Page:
Lucky for me, I spent a few days with a close amiga in Lexington before heading to Louisville. Although we speak often on the phone, it was somehow different to be in her space, to see where she goes everyday, to meet the people she spends time with. Amiga has been subletting a fabulous house from her friend who is studying away. There’s something about the character of those southern houses surrounded by greenery and flowers–the architecture, the porches, the history. It was a quaint neighborhood, where I imagine many faculty live—definitely not working-class and mostly white (I know you’re surprised about that one). We had a great time, just staying up late talking.

After Louisville, I traveled directly to the Berks conference on the History of Women. It was the first time I presented at a major conference. My amigas/colegas and I stayed with a profe who was generous enough to share his home. He and two Chicana scholars attended our panel. I looked at them the entire time I was speaking and for good reason. During the Q + A, a white man asked a question—or rather, made a comment—about my work, suggesting that I hadn’t used primary documents, that I’d relied on the work of long-established historians. This kind of comment is a straight up diss for historians. He clearly hadn’t paid attention to my talk. I responded by discussing my sources and turning the discussion more toward the difficulty of finding sources about working-class women of color—there just aren’t many out there, especially ones that were created a hundred years ago. One profe responded to his question also by challenging his assumptions. Fortunately other folks asked good questions. I was grateful that the brown folks in the audience had come to support us, and could be angry for me, for us, when I was too nervous, anxious and tired to be angry for myself.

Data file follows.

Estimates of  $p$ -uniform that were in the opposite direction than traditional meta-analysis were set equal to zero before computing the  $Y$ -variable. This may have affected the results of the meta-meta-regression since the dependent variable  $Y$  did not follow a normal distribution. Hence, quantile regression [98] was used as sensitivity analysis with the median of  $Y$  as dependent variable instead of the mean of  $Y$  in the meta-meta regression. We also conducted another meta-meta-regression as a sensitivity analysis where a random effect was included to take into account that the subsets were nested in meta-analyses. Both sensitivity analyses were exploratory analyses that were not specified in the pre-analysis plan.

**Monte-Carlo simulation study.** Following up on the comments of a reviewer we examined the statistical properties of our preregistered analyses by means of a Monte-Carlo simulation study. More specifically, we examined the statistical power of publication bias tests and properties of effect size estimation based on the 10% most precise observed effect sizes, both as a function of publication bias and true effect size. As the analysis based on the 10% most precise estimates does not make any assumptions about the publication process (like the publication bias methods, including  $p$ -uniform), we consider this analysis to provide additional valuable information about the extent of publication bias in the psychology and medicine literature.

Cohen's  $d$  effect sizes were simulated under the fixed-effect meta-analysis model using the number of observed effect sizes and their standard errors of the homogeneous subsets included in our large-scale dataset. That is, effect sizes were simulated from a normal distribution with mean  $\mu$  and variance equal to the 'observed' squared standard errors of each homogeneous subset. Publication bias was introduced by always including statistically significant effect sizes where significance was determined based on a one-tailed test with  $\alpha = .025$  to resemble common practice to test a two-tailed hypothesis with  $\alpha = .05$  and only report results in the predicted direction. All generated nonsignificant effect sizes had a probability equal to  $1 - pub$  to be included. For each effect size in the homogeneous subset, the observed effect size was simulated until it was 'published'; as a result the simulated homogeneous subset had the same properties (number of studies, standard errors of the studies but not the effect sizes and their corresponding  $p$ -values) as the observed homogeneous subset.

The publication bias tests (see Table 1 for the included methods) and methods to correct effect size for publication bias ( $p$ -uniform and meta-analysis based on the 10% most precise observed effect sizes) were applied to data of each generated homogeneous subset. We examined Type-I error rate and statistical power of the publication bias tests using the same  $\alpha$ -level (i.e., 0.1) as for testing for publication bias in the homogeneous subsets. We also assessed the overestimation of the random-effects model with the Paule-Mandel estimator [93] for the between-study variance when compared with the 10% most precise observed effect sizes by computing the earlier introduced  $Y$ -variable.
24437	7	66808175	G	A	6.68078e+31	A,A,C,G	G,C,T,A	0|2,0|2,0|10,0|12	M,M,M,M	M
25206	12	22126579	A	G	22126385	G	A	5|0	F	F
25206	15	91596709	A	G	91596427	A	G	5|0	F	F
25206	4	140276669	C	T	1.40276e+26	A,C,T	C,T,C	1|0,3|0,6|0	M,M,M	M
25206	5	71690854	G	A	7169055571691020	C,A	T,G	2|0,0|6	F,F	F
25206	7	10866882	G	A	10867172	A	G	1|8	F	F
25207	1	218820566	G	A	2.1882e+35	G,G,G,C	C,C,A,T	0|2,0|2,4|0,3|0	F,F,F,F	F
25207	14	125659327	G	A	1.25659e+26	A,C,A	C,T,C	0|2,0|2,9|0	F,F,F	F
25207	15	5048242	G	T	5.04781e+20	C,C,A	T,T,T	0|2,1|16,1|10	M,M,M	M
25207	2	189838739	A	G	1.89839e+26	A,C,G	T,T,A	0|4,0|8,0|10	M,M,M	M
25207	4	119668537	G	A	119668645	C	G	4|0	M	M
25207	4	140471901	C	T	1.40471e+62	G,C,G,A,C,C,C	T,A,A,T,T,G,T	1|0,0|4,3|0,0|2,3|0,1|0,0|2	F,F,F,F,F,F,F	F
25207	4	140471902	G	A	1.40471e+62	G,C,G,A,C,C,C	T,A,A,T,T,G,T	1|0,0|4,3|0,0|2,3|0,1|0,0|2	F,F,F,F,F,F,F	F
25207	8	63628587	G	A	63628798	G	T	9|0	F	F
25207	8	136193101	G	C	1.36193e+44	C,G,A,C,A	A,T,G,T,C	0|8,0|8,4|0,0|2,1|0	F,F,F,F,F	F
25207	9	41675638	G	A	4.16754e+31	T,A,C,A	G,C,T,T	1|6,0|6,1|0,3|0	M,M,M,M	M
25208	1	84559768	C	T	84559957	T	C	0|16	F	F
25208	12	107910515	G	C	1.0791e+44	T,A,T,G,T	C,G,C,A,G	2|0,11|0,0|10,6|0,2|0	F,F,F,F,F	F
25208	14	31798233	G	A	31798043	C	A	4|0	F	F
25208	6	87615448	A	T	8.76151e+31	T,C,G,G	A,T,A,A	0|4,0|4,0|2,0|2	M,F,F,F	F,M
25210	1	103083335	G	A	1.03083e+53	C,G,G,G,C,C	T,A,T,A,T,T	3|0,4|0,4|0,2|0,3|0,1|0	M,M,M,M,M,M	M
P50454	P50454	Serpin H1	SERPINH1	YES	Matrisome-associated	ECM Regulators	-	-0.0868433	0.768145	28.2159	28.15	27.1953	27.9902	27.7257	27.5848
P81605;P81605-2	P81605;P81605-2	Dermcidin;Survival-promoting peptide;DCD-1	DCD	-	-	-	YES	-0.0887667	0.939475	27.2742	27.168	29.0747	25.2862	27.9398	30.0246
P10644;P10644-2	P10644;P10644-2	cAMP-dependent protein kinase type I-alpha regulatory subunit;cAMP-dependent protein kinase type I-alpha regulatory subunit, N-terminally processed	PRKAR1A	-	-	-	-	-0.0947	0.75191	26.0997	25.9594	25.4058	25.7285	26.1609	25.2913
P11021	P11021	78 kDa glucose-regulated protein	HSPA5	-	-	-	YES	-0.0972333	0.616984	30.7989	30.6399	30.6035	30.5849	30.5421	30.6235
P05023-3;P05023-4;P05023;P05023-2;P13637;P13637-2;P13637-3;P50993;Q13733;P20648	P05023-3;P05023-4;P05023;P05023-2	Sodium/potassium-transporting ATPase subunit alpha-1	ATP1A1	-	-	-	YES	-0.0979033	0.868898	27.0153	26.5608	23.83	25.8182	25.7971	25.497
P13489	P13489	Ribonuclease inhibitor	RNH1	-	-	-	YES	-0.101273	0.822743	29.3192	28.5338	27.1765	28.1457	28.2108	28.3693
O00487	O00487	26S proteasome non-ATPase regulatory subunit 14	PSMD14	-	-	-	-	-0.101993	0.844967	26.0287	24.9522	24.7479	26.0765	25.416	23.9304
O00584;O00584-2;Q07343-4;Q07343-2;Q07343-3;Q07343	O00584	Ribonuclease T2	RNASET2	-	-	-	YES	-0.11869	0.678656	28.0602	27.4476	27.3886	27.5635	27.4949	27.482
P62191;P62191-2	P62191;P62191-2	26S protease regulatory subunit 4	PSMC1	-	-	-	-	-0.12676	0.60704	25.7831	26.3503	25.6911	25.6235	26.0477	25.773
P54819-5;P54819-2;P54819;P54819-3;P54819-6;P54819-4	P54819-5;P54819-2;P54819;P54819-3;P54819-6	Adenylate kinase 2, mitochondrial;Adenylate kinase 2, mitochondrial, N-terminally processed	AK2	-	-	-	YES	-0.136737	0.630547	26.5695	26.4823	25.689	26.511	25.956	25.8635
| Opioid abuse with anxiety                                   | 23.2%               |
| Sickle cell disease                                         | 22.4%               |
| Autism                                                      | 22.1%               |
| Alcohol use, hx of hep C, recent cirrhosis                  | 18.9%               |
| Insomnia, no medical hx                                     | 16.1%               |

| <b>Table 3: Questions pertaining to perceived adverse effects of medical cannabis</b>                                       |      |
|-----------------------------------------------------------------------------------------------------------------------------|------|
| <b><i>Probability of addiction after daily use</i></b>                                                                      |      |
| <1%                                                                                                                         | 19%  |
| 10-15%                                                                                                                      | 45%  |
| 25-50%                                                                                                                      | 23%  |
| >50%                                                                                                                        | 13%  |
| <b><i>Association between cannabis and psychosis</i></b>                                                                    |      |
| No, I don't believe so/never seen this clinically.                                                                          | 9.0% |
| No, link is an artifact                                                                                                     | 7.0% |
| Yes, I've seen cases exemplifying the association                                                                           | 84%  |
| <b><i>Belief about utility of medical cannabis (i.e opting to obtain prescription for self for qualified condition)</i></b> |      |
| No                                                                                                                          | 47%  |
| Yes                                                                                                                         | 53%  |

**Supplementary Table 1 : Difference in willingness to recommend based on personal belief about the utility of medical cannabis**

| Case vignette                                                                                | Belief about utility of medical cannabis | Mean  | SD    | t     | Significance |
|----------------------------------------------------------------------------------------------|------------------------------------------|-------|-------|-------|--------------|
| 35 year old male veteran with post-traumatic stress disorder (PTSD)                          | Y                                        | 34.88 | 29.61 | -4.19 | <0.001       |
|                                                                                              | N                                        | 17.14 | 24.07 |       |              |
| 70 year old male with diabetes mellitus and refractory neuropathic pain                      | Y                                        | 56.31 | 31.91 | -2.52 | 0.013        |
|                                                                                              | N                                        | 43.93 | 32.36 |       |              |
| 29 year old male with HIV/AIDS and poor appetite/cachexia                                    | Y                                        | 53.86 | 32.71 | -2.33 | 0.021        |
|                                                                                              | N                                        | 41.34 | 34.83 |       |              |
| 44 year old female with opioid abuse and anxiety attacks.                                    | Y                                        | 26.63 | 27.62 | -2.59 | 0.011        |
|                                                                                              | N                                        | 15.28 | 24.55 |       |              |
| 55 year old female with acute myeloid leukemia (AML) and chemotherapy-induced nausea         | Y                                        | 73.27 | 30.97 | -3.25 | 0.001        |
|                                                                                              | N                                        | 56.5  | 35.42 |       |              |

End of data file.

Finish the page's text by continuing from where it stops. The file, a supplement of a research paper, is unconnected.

This is how I spent the first two weeks of June. Everyday was spent with good friends—four in total. The nourishment of time spent with amigas, mentors and community was good for my soul. They are amazing gifts. And I often wish I could put all of my amigas/os, who are scattered around the globe now, in my pocket to carry with me all the time.

June 16, 2008

time.

by la rebelde

In order, left to right:
Rosa Parks (1913-2005)
Sojourner Truth (1797-1883)
Harriet Tubman (1820-1913)

I’ve been traveling again—on business…again. Except for those few days I spent with a close amiga in Lexington, I’ve been scoring AP exams and presenting at the big Women’s History conference—the one that only happens every 3 years. All of this has been exhausting and nourishing at the same time. Exhausting because I read hand written essays all day for seven days straight before flying to the conference. And nourishing because I spent the last two weeks surrounded by good friends, mentors and colleagues.

**